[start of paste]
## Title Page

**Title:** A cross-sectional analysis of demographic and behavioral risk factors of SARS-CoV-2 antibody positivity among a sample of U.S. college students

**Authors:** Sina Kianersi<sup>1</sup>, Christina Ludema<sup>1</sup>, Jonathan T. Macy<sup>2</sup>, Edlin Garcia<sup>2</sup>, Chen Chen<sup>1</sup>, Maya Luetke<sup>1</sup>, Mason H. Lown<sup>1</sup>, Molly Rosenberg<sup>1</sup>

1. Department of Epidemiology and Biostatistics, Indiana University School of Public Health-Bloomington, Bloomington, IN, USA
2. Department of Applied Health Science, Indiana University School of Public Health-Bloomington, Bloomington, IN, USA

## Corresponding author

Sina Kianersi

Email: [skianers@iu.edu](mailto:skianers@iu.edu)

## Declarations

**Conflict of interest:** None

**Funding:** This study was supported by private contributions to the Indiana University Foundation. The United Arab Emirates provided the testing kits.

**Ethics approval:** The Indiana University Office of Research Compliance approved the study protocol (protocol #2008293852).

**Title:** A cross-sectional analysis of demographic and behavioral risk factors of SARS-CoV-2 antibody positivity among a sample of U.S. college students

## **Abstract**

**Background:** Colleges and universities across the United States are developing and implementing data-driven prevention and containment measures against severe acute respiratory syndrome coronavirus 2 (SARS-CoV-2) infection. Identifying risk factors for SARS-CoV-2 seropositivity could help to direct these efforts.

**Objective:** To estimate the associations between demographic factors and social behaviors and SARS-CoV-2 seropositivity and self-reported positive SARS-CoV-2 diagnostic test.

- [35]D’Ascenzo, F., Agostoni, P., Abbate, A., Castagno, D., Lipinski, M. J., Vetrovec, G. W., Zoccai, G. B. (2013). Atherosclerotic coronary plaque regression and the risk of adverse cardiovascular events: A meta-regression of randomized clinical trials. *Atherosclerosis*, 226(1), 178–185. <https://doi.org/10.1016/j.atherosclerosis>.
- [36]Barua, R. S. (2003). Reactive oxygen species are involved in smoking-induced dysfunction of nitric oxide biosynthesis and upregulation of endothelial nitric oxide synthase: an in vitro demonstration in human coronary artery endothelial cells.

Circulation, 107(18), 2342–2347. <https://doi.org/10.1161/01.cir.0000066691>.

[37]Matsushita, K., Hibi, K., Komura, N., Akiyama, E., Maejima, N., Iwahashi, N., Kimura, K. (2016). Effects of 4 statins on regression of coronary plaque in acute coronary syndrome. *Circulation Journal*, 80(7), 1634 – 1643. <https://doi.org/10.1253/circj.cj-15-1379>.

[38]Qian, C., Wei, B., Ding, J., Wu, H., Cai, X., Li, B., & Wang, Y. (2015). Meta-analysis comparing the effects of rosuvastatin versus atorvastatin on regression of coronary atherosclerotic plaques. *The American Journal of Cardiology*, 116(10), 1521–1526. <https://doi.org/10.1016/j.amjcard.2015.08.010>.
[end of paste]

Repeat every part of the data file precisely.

## Title Page

**Title:** A cross-sectional analysis of demographic and behavioral risk factors of SARS-CoV-2 antibody positivity among a sample of U.S. college students

**Authors:** Sina Kianersi<sup>1</sup>, Christina Ludema<sup>1</sup>, Jonathan T. Macy<sup>2</sup>, Edlin Garcia<sup>2</sup>, Chen Chen<sup>1</sup>, Maya Luetke<sup>1</sup>, Mason H. Lown<sup>1</sup>, Molly Rosenberg<sup>1</sup>

1. Department of Epidemiology and Biostatistics, Indiana University School of Public Health-Bloomington, Bloomington, IN, USA
2. Department of Applied Health Science, Indiana University School of Public Health-Bloomington, Bloomington, IN, USA

## Corresponding author

Sina Kianersi

Email: [skianers@iu.edu](mailto:skianers@iu.edu)

## Declarations

**Conflict of interest:** None

**Funding:** This study was supported by private contributions to the Indiana University Foundation. The United Arab Emirates provided the testing kits.

**Ethics approval:** The Indiana University Office of Research Compliance approved the study protocol (protocol #2008293852).

**Title:** A cross-sectional analysis of demographic and behavioral risk factors of SARS-CoV-2 antibody positivity among a sample of U.S. college students

## **Abstract**

**Background:** Colleges and universities across the United States are developing and implementing data-driven prevention and containment measures against severe acute respiratory syndrome coronavirus 2 (SARS-CoV-2) infection. Identifying risk factors for SARS-CoV-2 seropositivity could help to direct these efforts.

**Objective:** To estimate the associations between demographic factors and social behaviors and SARS-CoV-2 seropositivity and self-reported positive SARS-CoV-2 diagnostic test.

- [35]D’Ascenzo, F., Agostoni, P., Abbate, A., Castagno, D., Lipinski, M. J., Vetrovec, G. W., Zoccai, G. B. (2013). Atherosclerotic coronary plaque regression and the risk of adverse cardiovascular events: A meta-regression of randomized clinical trials. *Atherosclerosis*, 226(1), 178–185. <https://doi.org/10.1016/j.atherosclerosis>.
- [36]Barua, R. S. (2003). Reactive oxygen species are involved in smoking-induced dysfunction of nitric oxide biosynthesis and upregulation of endothelial nitric oxide synthase: an in vitro demonstration in human coronary artery endothelial cells.

Circulation, 107(18), 2342–2347. <https://doi.org/10.1161/01.cir.0000066691>.

[37]Matsushita, K., Hibi, K., Komura, N., Akiyama, E., Maejima, N., Iwahashi, N., Kimura, K. (2016). Effects of 4 statins on regression of coronary plaque in acute coronary syndrome. *Circulation Journal*, 80(7), 1634 – 1643. <https://doi.org/10.1253/circj.cj-15-1379>.

[38]Qian, C., Wei, B., Ding, J., Wu, H., Cai, X., Li, B., & Wang, Y. (2015). Meta-analysis comparing the effects of rosuvastatin versus atorvastatin on regression of coronary atherosclerotic plaques. *The American Journal of Cardiology*, 116(10), 1521–1526. <https://doi.org/10.1016/j.amjcard.2015.08.010>.